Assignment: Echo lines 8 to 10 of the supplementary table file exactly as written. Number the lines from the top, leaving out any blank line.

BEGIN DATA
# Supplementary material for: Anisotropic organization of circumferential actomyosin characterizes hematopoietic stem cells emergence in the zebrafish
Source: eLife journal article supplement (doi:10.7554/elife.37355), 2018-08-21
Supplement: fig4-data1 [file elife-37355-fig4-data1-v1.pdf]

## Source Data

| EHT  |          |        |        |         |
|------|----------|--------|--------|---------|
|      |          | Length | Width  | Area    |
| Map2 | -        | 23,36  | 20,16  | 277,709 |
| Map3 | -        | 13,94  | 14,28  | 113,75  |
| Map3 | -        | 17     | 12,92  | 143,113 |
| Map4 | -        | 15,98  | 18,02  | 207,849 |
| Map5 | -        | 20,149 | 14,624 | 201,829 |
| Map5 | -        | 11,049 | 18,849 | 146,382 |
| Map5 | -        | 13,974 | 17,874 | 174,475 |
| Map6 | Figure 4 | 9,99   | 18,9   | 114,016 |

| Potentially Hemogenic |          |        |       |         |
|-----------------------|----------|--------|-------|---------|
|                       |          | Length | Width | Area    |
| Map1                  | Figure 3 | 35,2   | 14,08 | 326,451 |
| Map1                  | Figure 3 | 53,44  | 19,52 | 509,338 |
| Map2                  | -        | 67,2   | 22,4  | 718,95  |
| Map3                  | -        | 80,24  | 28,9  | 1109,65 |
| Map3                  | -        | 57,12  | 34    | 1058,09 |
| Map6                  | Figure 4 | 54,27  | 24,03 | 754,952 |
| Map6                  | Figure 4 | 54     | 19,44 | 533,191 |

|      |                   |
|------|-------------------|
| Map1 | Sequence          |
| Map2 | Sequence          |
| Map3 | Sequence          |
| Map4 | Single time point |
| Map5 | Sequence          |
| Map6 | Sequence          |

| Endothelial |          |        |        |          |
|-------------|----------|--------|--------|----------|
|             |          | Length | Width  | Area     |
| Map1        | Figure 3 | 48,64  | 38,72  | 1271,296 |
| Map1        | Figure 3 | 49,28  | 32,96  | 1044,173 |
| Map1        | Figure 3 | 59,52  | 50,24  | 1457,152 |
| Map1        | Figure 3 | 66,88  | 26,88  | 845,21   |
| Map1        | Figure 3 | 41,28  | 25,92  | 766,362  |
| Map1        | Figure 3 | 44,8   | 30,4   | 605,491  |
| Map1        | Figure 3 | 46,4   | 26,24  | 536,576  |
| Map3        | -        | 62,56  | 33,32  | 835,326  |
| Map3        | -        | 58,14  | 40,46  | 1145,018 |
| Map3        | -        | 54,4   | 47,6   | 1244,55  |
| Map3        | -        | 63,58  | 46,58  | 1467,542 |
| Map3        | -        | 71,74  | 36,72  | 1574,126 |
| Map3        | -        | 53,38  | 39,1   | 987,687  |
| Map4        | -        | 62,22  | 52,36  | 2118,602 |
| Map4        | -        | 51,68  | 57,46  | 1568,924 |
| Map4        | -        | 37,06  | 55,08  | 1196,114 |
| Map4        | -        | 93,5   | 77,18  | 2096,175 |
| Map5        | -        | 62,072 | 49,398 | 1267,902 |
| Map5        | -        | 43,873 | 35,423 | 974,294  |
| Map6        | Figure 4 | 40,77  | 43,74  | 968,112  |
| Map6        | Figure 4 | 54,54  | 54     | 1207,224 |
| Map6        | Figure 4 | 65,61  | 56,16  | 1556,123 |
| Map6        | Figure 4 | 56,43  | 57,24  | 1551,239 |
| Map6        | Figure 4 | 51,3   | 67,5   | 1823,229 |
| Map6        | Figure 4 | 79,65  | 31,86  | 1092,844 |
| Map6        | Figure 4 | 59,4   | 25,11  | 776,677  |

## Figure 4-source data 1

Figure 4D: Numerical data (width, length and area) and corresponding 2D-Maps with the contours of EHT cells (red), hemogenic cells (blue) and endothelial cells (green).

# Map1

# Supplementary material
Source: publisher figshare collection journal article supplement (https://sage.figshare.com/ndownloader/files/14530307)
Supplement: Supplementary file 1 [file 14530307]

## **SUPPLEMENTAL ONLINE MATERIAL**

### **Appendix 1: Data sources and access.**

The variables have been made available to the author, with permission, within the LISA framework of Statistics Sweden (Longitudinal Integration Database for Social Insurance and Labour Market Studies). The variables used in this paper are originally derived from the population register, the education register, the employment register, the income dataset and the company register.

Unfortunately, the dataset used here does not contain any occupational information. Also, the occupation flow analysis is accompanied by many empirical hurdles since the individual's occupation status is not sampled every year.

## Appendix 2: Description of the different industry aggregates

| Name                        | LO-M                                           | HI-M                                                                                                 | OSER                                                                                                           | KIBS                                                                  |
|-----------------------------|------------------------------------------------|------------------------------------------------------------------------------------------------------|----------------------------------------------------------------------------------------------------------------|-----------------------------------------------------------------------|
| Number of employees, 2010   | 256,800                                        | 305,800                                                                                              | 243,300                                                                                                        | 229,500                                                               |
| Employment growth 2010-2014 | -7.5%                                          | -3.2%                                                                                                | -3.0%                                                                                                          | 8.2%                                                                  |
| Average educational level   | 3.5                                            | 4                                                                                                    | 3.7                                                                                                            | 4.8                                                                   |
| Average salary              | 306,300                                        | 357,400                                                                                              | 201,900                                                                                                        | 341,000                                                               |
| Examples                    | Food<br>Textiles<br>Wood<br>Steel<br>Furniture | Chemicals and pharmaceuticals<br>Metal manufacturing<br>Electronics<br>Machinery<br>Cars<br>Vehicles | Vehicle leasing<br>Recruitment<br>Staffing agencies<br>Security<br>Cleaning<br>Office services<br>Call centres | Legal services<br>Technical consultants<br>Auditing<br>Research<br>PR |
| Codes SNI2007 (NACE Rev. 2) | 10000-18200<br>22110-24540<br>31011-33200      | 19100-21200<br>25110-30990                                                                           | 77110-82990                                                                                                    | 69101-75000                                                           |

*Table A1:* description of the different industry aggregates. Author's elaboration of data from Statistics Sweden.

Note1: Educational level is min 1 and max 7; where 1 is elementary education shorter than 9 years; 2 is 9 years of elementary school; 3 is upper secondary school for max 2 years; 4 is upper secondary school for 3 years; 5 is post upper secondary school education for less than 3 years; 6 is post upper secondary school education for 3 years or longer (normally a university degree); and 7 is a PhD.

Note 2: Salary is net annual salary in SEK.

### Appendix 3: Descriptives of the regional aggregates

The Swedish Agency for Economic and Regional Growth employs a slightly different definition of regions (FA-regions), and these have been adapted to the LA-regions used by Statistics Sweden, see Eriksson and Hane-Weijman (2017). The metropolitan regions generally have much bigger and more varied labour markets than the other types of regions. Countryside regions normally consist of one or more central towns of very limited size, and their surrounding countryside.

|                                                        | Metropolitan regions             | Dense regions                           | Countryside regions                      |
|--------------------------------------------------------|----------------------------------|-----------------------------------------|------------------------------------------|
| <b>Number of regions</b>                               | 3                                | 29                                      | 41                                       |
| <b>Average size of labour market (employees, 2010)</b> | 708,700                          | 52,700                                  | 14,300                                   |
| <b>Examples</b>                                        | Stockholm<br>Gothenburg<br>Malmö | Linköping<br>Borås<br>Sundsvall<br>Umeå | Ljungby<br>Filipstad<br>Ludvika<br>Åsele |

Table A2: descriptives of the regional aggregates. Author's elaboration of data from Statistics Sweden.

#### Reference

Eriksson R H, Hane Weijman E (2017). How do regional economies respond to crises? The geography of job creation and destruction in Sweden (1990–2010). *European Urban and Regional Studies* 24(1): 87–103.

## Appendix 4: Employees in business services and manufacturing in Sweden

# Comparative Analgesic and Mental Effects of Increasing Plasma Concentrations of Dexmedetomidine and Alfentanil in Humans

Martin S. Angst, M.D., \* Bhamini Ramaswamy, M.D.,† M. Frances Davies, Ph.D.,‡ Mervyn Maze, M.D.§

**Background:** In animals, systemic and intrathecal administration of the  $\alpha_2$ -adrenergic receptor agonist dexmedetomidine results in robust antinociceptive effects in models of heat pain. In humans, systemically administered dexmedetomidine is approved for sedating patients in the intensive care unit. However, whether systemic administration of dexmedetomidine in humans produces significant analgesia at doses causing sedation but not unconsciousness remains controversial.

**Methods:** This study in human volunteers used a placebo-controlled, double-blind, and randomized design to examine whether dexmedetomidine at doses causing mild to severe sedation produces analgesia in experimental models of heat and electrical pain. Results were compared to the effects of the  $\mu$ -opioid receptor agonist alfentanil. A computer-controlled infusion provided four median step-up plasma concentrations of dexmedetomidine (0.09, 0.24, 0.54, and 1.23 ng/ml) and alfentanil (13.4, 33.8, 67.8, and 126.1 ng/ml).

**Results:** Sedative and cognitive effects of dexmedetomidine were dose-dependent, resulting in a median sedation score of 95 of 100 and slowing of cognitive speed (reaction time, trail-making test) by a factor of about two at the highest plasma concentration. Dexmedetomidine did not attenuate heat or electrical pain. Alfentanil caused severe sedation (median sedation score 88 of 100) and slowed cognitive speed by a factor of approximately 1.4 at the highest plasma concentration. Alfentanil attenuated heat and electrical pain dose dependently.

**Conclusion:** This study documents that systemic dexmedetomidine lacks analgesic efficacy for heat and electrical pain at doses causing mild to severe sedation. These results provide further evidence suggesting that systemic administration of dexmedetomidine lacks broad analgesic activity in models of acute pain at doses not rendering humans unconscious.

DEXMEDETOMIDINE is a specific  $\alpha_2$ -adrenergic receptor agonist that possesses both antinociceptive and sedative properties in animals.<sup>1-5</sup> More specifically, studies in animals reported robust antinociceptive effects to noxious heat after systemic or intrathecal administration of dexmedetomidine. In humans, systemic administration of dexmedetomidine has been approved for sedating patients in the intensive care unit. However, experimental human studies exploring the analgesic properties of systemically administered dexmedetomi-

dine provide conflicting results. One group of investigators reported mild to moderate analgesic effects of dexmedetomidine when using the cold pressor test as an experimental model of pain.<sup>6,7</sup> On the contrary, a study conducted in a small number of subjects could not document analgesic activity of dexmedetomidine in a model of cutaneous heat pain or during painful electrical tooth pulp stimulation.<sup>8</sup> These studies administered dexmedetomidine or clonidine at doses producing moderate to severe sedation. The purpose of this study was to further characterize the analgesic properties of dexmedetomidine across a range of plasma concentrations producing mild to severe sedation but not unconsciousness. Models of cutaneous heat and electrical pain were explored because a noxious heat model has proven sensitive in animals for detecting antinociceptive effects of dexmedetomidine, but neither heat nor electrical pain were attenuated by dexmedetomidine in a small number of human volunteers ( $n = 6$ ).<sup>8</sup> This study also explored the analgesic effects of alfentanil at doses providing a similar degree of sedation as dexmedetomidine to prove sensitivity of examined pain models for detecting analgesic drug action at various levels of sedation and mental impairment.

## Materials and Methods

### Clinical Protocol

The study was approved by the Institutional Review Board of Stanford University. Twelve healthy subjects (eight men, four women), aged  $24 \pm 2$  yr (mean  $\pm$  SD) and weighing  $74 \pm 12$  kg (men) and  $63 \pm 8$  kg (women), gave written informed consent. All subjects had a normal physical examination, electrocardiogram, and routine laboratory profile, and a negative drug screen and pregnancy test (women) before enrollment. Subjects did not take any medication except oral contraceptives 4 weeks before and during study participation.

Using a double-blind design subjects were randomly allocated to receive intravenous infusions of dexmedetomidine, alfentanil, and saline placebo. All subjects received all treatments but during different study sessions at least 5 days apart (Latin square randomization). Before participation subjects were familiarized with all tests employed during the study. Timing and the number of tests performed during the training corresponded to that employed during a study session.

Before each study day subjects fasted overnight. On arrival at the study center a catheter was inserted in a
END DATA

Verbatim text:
| Map2 | -        | 23,36  | 20,16  | 277,709 |
| Map3 | -        | 13,94  | 14,28  | 113,75  |
| Map3 | -        | 17     | 12,92  | 143,113 |